AAFP and AAHA Statement about 2016 Revised AVMA Free-roaming, Abandoned, and Feral Cat Policy
During the 2016 Winter Meeting of AVMA House of Delegates, Resolution 1 2016 was submitted to revise the AVMA’s statement on Free-roaming Abandoned and Feral Cats. Click here to view the proposed edits.
The AVMA Animal Welfare Committee (AWC) included representation from the feline, avian, and wildlife veterinary communities, who then facilitated the formation of an inter-entity subcommittee which also included members from the Committee on Environmental Issues (CEI) and the Council on Public health and Regulatory Veterinary Medicine (CPHRVM) to review and update the policy. This inter-entity subcommittee worked actively over a period of two years with extensive deliberation, discussing and debating the language in this revised statement. The feline representative worked persistently and tirelessly to advocate for cats, yet due to the controversial issues there were still disagreements about the language and majority of the Committee approved the document. The resolution was then sent to the AVMA Board of Directors and then on to the AVMA’s House of Delegates for a final approval.
The American Association of Feline Practitioners (AAFP) submitted an amendment to the revised policy to remove the following statement:
“For colonies not achieving attrition and posing active threats to the area in which they are residing, the AVMA does not oppose the consideration of euthanasia when conducted by qualified personnel, using appropriate humane methods as described in the AVMA Guidelines for the Euthanasia of Animals.”
Prior to, and during, the 2016 Winter House of Delegates meeting, the AAFP and the American Animal Hospital Association (AAHA) strongly advocated in support of removing this statement from the final policy. The key messages used to advocate for removal of this statement included:
- The foundation of AVMA policies historically has been evidence-based science. There is an absence of data providing evidence that euthanasia, when used as a means of population control, will reduce the number of free-roaming abandoned and feral cats. In fact, the limited data that does exist shows that colony numbers either remain stable or increase due to the ‘vacuum effect.’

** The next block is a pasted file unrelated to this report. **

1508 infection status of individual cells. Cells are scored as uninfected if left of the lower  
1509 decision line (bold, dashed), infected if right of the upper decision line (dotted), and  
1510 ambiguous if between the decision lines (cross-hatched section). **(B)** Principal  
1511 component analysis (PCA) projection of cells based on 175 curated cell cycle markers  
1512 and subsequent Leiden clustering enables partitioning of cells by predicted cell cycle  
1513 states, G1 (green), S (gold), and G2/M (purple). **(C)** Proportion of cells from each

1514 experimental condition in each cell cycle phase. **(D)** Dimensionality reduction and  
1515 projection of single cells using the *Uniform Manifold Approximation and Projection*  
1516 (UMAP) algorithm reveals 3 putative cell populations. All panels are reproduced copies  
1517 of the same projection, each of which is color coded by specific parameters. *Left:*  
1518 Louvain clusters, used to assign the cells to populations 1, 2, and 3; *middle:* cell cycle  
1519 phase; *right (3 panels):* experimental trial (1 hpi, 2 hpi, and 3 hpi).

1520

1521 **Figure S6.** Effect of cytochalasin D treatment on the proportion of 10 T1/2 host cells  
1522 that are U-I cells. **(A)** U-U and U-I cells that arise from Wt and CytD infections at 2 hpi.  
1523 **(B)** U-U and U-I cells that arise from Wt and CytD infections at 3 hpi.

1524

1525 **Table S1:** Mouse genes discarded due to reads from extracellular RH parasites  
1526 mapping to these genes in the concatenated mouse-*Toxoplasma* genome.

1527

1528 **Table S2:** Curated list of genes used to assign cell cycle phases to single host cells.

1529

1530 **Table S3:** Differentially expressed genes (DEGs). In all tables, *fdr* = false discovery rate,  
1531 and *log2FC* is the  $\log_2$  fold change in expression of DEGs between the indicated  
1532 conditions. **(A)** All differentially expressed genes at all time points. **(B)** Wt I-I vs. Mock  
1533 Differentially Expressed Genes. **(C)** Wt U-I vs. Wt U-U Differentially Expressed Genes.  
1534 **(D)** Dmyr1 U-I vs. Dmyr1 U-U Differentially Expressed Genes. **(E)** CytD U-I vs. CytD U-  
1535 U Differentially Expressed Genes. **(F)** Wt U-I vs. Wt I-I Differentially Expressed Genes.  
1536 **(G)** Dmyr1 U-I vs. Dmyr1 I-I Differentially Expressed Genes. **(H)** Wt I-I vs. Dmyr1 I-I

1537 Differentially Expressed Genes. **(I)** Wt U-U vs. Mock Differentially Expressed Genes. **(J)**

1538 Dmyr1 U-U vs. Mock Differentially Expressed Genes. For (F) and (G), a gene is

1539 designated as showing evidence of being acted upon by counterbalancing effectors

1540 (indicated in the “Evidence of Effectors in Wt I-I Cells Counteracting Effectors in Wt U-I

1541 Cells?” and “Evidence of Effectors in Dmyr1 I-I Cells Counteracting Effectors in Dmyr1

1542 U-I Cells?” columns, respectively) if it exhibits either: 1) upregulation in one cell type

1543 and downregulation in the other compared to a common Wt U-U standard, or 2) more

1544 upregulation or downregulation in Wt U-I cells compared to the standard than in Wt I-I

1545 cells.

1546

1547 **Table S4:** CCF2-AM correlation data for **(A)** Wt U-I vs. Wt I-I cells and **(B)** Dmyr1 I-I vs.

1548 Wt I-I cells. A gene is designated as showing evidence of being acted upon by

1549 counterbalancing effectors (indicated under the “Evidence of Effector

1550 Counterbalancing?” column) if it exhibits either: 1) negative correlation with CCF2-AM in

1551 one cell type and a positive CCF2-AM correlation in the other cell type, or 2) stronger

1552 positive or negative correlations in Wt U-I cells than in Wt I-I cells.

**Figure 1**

- There is concern over the reputation liabilityand the negative public perception this statement may cause.
- Including this statement conflicts with the efforts of the veterinary community, including AAFP, AAHA, and Partners for Healthy Pets, who have worked to promote the value of the cat by investing resources towards educating the public on the need for routine veterinary care for cats, as well as increased standard of care for cats.
- The majority of cats captured in a trap are very frightened, and frightened cats, just like all frightened animals, will commonly act very differently than they might otherwise. This may make it very difficult to identify at the time of capture whether a cat is truly feral, or whether it may be owned but allowed outdoors, owned and escaped outdoors, or abandoned but adoptable. It is not uncommon to capture non-feral cats when trapping. Including this statement might unintentionally provide qualified personnel the approval to euthanize potential owned cats that might not be microchipped or perhaps not scanned to see if they are microchipped.
The AAFP was able to bring this amendment to the floor of the AVMA House of Delegates. Although the AAFP Leaders and Representatives to the AVMA advocated strongly for removal of this statement, exhausting all efforts, the statement was accepted by majority of the House of Delegates.
We encourage review of the AAFP’s Position Statement, which has been endorsed by AAHA, on Free-roaming, Abandoned, and Feral Cats.
Lazenby, B.T, Mooney, N. J., & Dickman, C.R. (2014). Effects of low-level culling of feral cats in open populations: a case study from the forests of southern Tasmania. Wildlife Research, 41, 407–420.
Schmidt, P.M., Swannack, T.M., Lopez, R.R., & Slater, M.R. (2009). Evaluation of euthanasia and trap–neuter–return (TNR) programs in managing free-roaming cat populations. Wildlife Research, 36, 117–125.